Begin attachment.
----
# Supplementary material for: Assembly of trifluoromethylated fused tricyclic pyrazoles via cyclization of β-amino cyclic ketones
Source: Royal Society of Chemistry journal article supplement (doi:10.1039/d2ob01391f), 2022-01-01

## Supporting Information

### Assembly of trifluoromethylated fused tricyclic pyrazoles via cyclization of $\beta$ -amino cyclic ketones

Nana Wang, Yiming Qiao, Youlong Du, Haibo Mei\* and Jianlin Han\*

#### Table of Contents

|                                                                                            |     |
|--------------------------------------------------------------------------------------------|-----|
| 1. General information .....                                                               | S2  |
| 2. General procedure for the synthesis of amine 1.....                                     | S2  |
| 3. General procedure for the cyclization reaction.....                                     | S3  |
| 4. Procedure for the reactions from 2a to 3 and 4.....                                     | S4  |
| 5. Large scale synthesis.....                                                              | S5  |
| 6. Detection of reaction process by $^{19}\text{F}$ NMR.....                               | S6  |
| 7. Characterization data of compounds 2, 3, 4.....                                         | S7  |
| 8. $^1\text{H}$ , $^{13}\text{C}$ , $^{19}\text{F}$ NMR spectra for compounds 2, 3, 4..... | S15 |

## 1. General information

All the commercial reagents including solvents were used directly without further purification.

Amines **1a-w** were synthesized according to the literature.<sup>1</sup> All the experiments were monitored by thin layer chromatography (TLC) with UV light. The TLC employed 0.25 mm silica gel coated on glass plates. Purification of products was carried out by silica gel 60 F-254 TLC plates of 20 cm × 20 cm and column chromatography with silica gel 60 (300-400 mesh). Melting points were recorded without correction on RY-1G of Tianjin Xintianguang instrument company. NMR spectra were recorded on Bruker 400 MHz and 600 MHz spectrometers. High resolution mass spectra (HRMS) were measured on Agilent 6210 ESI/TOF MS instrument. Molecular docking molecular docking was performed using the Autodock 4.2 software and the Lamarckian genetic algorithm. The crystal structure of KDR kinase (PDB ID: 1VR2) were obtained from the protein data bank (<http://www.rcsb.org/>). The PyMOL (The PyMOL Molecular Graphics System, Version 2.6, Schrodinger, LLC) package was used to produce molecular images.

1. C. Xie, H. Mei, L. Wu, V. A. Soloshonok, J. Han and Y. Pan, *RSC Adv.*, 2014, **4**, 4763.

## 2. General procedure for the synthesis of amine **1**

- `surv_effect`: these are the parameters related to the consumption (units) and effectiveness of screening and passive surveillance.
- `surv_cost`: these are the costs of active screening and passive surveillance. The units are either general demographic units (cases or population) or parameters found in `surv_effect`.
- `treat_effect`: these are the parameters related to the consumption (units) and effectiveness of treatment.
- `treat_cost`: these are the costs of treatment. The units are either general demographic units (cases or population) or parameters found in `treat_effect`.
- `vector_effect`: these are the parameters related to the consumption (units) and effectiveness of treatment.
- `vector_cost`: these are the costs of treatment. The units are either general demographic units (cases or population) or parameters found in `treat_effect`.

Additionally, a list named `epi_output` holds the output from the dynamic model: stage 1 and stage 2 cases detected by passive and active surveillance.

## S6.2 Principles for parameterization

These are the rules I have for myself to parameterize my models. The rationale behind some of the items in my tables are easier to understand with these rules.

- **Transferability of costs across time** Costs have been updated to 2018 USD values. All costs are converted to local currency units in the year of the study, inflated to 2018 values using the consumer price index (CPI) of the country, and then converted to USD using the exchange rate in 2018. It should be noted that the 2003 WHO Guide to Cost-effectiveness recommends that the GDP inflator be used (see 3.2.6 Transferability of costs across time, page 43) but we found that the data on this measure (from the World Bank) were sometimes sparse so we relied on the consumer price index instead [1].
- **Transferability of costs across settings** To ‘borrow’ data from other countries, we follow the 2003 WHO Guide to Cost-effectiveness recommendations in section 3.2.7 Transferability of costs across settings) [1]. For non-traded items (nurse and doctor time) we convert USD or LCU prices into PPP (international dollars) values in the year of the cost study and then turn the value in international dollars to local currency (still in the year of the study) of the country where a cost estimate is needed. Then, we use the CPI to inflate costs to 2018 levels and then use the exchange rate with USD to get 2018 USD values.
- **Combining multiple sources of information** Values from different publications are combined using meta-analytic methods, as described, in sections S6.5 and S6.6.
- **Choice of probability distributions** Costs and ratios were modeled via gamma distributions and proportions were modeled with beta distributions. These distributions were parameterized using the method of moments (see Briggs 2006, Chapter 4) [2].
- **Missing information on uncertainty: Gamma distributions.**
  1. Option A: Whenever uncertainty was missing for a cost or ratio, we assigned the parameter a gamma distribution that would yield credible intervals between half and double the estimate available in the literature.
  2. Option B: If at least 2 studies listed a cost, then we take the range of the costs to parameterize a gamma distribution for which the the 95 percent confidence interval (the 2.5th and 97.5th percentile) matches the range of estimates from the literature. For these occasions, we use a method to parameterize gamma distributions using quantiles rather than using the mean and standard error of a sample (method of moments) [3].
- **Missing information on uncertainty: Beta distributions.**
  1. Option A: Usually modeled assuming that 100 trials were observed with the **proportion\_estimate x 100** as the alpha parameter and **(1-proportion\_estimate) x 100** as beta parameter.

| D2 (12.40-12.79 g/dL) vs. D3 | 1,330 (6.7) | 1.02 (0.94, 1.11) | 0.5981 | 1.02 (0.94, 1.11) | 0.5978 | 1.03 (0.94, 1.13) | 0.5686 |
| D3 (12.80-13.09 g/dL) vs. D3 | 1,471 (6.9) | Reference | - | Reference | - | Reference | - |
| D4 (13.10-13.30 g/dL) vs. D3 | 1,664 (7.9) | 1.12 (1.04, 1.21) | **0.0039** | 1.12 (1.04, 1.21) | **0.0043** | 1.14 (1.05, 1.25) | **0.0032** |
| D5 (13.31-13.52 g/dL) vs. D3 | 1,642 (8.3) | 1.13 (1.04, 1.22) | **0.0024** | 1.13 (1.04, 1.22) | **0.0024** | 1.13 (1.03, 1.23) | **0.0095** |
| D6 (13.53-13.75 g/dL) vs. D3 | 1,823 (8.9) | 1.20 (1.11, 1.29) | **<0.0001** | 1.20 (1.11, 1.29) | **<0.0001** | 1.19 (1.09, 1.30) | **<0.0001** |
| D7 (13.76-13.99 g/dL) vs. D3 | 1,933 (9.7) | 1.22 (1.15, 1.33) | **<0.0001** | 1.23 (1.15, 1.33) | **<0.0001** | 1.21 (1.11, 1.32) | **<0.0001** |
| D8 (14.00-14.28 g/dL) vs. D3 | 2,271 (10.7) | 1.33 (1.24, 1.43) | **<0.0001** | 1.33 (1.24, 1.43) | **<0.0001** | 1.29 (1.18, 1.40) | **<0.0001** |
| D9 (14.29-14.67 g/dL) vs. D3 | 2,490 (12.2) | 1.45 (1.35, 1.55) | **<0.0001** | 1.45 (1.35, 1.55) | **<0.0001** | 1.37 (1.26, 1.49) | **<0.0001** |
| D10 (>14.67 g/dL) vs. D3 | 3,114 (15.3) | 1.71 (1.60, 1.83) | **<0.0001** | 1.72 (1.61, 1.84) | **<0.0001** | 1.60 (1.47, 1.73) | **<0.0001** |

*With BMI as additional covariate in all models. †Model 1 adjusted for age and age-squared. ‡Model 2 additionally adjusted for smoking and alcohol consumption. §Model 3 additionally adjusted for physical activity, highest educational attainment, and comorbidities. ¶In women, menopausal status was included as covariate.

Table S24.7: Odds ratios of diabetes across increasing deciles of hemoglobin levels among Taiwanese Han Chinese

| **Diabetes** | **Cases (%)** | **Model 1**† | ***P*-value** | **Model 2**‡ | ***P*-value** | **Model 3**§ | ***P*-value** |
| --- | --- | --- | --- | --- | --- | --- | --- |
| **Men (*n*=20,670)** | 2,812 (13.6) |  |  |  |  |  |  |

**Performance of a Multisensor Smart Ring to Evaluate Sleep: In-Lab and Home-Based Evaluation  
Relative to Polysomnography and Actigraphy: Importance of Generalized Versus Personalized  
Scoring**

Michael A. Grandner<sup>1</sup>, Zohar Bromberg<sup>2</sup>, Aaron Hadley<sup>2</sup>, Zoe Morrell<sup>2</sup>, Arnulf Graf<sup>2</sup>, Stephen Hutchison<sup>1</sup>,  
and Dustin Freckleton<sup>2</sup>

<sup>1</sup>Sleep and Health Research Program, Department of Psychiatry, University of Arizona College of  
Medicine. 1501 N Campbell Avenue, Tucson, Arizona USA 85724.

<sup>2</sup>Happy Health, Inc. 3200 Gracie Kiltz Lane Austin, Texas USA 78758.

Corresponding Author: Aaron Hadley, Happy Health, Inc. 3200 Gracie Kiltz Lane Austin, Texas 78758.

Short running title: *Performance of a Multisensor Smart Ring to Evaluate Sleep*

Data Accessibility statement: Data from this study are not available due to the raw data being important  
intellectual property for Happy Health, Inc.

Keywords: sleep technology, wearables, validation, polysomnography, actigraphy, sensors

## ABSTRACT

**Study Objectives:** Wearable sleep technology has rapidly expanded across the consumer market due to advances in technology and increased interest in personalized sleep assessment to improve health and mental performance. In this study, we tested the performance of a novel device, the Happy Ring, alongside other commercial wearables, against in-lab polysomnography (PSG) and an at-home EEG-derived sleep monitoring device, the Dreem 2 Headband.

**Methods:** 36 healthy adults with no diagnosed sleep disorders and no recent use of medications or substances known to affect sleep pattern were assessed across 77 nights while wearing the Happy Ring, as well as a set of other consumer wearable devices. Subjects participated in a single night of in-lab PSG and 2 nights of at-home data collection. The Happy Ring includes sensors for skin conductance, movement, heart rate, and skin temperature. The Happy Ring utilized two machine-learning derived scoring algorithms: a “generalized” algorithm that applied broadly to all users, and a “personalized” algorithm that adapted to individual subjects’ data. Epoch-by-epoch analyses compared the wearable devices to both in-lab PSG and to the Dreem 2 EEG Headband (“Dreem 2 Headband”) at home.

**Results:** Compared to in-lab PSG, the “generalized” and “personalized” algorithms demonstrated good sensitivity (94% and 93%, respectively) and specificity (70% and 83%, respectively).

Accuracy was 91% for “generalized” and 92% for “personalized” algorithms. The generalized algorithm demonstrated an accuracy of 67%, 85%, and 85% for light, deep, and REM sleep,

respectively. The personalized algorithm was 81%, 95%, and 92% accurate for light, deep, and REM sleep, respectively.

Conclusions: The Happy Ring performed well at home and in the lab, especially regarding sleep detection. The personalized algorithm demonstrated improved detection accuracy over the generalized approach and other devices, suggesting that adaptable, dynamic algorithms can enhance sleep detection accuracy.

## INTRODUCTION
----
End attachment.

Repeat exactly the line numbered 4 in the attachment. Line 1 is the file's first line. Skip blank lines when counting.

### Assembly of trifluoromethylated fused tricyclic pyrazoles via cyclization of $\beta$ -amino cyclic ketones